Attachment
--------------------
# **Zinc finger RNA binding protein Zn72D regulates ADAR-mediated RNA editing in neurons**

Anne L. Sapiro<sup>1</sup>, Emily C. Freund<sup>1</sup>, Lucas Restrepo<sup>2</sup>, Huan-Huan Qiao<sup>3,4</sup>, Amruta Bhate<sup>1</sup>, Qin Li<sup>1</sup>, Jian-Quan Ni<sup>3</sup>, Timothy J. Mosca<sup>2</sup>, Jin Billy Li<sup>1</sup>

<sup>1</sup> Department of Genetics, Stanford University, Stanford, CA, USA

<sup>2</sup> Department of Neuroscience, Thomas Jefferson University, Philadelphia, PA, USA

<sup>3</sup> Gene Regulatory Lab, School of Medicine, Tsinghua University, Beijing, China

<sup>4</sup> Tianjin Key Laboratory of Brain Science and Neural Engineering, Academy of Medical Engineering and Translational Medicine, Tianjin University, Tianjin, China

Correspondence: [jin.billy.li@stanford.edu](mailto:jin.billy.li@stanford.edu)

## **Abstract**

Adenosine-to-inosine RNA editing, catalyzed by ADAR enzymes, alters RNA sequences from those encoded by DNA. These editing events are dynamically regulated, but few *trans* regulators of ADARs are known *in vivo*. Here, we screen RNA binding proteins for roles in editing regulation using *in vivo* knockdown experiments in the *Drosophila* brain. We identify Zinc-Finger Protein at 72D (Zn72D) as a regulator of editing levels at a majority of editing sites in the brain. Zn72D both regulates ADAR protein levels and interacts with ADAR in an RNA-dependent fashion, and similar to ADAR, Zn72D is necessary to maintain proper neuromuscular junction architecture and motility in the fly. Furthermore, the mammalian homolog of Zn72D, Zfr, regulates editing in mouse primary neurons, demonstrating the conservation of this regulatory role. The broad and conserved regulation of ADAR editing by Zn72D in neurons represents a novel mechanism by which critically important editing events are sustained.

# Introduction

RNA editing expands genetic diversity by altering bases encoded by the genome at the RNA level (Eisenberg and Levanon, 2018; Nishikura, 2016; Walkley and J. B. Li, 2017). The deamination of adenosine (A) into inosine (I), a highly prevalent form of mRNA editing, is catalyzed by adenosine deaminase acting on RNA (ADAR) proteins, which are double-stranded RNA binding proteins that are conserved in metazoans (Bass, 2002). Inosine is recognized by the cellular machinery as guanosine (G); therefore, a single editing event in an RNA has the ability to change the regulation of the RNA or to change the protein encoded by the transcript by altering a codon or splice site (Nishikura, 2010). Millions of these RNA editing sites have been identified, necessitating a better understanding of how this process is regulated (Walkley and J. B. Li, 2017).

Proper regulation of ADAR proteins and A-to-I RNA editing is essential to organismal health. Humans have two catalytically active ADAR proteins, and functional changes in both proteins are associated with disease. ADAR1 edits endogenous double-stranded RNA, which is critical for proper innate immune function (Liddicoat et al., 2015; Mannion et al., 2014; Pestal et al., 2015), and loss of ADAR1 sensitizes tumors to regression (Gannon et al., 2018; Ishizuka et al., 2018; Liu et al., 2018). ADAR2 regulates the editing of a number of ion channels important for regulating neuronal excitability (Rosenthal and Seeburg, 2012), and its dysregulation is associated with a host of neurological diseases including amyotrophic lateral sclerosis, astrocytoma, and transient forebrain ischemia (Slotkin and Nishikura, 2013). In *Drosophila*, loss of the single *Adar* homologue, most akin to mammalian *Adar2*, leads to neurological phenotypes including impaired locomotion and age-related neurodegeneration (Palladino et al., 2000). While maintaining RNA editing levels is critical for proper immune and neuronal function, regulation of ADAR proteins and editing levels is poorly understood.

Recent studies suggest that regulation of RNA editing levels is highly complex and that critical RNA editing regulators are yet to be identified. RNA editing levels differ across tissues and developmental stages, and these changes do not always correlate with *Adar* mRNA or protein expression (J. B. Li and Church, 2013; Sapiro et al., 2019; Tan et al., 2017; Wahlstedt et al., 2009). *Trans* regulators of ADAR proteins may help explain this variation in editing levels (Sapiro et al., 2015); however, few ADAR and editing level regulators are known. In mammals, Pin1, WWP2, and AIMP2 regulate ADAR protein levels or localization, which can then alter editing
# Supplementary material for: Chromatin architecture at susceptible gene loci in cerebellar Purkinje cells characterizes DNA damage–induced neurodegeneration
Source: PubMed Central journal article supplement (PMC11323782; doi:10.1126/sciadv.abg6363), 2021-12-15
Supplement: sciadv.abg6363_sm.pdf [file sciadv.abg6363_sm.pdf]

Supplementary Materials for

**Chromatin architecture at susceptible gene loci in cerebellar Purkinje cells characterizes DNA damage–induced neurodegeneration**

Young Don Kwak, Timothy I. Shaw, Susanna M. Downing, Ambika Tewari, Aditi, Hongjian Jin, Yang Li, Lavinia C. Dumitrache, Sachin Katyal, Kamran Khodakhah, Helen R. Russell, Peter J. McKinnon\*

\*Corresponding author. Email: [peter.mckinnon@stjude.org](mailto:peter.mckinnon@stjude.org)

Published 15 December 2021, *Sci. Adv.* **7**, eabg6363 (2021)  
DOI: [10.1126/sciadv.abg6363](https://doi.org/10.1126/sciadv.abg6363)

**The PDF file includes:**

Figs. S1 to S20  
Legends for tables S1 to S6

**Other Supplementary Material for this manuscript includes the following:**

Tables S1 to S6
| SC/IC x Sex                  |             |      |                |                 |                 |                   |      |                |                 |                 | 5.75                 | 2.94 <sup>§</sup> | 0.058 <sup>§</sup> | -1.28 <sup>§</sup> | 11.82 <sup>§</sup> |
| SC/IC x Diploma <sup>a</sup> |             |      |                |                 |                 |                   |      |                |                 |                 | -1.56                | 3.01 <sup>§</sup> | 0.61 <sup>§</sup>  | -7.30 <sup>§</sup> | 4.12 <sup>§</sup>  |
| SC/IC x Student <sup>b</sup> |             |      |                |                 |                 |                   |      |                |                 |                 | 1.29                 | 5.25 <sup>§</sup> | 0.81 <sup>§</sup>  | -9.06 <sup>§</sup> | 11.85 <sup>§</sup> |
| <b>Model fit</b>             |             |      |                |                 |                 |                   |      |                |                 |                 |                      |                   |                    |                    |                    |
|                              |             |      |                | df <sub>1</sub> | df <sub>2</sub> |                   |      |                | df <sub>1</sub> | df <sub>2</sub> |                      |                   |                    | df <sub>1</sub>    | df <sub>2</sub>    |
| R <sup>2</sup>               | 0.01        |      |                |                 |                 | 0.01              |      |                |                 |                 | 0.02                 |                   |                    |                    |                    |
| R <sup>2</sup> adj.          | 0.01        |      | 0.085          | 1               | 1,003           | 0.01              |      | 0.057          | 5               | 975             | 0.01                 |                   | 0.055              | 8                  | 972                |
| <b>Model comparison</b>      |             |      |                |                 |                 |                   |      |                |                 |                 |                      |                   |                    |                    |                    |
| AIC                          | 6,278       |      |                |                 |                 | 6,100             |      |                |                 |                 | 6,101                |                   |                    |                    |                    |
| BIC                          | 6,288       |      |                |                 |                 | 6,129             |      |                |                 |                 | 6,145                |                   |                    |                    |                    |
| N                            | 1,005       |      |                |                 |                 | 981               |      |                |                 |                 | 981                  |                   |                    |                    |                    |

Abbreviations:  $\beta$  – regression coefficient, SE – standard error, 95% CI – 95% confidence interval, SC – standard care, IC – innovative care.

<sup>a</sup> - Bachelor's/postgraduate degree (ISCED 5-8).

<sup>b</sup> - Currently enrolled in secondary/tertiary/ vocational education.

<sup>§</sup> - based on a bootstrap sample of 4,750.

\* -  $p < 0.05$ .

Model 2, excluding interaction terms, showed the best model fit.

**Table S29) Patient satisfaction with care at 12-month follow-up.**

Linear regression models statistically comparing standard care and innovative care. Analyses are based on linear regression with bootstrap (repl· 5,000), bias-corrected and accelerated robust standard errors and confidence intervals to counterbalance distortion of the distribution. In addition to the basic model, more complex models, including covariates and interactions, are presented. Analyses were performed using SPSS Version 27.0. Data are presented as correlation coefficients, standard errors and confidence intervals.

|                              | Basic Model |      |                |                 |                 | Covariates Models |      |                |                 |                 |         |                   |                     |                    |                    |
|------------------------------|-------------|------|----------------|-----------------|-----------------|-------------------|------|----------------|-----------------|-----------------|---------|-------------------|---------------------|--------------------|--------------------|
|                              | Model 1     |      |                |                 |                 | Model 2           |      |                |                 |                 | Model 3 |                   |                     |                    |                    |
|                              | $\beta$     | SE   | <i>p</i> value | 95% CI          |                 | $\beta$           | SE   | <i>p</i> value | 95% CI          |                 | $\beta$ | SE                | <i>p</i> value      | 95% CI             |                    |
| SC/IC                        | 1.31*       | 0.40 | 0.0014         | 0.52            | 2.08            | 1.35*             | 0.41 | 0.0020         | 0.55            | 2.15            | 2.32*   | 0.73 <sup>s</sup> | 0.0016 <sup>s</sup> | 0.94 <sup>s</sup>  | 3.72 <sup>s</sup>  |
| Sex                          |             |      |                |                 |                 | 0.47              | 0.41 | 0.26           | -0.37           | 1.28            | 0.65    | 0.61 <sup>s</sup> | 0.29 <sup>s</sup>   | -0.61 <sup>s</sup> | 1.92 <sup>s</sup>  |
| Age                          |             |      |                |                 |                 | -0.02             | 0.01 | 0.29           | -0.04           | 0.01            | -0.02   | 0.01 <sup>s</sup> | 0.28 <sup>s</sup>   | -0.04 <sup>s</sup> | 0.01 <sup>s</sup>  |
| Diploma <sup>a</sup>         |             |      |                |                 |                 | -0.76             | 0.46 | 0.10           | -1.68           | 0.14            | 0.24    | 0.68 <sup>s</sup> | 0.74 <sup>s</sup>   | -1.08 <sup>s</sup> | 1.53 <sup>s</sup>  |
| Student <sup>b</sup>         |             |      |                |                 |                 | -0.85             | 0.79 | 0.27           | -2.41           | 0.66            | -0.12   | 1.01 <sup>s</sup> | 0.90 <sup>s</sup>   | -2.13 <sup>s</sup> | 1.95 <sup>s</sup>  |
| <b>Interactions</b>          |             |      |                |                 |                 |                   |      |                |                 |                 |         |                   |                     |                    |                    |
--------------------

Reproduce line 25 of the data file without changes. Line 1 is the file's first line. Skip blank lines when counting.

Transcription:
Legends for tables S1 to S6